Mostafa Khattab is CTO at Wakecap Technologies in Dubai.
He has agreed to share his thoughts with CTO Academy about his experience of being an “An Accidental CTO” … aka someone who arrived in the CTO role ahead of schedule and is grappling with new challenges and very steep learning curve.
For those who missed Diary of an Accidental CTO, Part 1 you can start here but for the rest, please read on …
“Having introduced some context in Part 1 to my current role and the accelerated shift into my current CTO role, I want to use Part 2 to walk you through some of the technical mistakes I made during my own learning curve, how I would try to avoid doing them again in the future and maybe help someone else who lands in a similar situation …
After my sudden promotion in a fast growing technology startup, I was unsure about many aspects of the role. About what should I do, how I should do it, and also how I recognise whether what I was doing was correct, best practice etc. I felt at times like a rabbit in the headlights.
Re-Inventing The Wheel
People always says never build it from scratch, but when you are in charge of building something that will hopefully stay around for a long period of time, the idea of building your product from scratch allowing you to be in full control is an attractive one.
Unfortunately, people always say it because it’s largely true. Building something from scratch is not a good idea at all, unless you are building a core product that’s going to be executing better and quicker than anything else. How many of us can say that in an early stage start up?
My recommendation is definitely find something that’s already out in the market and straight off the shelf. Customise it for your needs, use it even if with some limitations and kick start from there. The world has shifted even in the last few years where you can always find quite robust kit off the shelf. Re-inventing the wheel is not good use of your limited time.
One more thing to point out here are the internal applications.
If you are about to build an internal application, don’t invest time on it, try to find other ready systems that give you an immediate application. Don’t invest time during the early days building an internal system and dashboard, when your focus must be on customer needs and validation.
Is it the right technology stack?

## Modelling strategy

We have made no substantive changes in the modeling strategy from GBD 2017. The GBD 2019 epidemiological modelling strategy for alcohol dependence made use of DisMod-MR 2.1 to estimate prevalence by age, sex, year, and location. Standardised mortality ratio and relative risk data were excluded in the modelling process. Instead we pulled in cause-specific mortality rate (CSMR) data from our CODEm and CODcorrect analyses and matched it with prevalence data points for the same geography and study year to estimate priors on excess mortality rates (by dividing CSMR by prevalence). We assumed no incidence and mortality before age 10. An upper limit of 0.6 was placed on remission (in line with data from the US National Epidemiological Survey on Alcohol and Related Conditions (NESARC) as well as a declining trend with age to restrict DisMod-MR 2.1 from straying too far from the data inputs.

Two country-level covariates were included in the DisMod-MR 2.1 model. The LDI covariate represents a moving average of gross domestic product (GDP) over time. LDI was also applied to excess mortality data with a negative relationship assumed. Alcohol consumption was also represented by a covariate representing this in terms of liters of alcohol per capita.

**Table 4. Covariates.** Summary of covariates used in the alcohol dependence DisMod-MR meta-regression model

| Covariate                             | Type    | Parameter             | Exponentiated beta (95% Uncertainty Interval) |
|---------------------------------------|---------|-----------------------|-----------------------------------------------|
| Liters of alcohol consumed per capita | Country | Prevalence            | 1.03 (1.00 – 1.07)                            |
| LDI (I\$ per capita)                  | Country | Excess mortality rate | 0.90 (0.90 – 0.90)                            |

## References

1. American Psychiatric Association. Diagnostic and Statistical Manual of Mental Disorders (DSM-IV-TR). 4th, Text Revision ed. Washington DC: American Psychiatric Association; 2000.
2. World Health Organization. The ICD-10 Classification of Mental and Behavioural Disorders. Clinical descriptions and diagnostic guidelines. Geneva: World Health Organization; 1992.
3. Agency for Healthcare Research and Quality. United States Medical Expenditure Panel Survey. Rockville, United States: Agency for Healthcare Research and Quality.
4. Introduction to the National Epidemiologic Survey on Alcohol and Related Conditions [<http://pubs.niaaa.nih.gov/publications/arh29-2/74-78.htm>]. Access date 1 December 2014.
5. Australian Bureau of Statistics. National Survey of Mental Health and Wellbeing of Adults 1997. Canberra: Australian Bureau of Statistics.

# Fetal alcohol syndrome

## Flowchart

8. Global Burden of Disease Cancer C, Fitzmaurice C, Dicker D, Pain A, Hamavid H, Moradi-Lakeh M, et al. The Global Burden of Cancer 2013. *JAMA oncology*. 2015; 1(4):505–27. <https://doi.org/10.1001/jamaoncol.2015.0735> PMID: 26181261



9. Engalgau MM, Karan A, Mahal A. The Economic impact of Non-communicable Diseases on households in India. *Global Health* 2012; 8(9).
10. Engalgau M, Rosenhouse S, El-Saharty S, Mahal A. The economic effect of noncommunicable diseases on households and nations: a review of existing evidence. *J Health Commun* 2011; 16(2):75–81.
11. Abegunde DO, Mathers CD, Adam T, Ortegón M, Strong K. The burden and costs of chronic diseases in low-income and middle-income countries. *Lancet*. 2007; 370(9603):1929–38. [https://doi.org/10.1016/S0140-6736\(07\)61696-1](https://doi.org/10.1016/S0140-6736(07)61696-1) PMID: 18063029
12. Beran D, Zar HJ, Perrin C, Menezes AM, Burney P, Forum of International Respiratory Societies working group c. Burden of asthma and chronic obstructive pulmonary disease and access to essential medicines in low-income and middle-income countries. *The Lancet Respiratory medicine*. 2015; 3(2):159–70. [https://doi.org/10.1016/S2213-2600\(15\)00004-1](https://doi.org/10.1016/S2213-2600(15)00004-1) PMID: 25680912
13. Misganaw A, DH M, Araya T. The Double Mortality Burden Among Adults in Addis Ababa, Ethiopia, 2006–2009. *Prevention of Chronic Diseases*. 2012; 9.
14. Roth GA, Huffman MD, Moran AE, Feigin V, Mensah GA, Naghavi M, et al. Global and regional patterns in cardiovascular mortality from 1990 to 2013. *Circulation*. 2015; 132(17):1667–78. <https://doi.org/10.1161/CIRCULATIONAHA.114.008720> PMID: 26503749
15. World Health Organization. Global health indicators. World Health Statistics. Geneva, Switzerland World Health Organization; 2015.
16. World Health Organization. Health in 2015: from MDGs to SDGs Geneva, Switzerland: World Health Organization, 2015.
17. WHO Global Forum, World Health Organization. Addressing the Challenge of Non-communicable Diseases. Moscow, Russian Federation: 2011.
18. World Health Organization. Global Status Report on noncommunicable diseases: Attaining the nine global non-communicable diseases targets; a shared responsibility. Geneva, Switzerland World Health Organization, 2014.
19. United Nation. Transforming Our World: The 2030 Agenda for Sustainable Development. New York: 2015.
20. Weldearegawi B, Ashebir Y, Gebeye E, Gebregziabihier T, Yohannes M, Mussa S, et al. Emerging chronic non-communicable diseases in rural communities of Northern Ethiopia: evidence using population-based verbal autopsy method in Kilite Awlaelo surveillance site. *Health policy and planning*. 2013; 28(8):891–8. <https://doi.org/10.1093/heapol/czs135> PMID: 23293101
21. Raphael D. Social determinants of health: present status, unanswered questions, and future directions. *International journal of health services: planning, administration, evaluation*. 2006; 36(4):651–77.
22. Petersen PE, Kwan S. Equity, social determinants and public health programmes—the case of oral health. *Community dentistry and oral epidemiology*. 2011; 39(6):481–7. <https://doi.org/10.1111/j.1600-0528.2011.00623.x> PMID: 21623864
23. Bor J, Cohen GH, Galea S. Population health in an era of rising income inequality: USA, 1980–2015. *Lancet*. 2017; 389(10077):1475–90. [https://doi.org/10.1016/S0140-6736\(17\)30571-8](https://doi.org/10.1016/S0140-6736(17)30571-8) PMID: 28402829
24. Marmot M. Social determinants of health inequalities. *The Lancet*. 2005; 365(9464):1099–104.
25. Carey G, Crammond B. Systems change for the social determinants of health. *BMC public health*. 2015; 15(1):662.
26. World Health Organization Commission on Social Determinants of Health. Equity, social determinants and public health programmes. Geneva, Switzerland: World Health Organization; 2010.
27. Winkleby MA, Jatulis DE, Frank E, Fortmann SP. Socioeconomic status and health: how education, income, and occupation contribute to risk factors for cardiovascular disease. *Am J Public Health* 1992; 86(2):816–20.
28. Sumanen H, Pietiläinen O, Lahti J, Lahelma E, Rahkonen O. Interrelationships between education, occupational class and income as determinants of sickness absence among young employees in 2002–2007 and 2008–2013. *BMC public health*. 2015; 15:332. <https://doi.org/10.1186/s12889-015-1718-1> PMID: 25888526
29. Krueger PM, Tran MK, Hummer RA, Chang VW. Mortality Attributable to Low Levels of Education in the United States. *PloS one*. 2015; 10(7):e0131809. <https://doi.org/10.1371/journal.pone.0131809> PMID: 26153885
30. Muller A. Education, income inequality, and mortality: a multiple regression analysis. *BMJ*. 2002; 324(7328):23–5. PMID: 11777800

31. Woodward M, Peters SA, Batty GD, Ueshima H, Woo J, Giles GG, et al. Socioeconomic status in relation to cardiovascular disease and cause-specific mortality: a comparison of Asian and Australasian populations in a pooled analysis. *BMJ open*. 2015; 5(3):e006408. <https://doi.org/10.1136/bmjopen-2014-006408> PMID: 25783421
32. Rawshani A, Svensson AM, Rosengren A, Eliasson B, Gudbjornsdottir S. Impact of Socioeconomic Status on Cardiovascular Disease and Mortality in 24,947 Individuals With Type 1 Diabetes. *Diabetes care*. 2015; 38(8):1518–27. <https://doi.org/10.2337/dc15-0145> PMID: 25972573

Choosing one technology stack for building the technology is one of the traps Startup CTOs can fall into, especially during early days with limited resources.
Usually a Startup has a core business and/or module that other stuff is built around. The issue I find is that engineers often use the same technology for building the core everywhere else, all over other products and features. This nominated technology stack might be the best for the core, but is it the best for everything else? You need to be certain of that, before jumping into one stack with both feet.
Let’s say you are a data aggregation startup, where your core business is about getting data from different sources and producing insights from this data for your customers. You and your team decide to use NodeJs to aggregate the data and save it to your data lake using nodejs.
Great, good choice!
Now your customers ask you to build a dashboard for them to access your data and ask for too many other features on the dashboard. Now you really need to think twice before proceeding with NodeJs.
Using NodeJs for a complex dashboard may sound convenient but take care and avoiding reinventing that wheel again. It might be easier and faster using a framework like PHP Laravel and have everything ready with a framework that has most of the built-in features you need to build in your NodeJs dashboard.
With low budget and fast growth I fell into in the trap of losing the quality of the software. Testing is not only a position, but also a mindset, losing this mindset will bite you in the ass in the near future.
Testing is more important than any other part of your technology stack, this is probably my big learn from these recent experiences. Any other issue in the development process can be solved but a lack of testing and doing it late can come with a very high cost later.
Software Testing is particularly important during the early days, and most other times, because it saves money. It saves your system from malicious attacks that might seriously slow you down and potentially ruin your startup.
Testing guarantees better software quality and more satisfaction. Take care of it, and make it a high priority from day one.
Thank you for reading and I hope some of this resonates. Part 3 will look into leadership and some key learning points from my experiences.
Mostafa Khattab, July 2020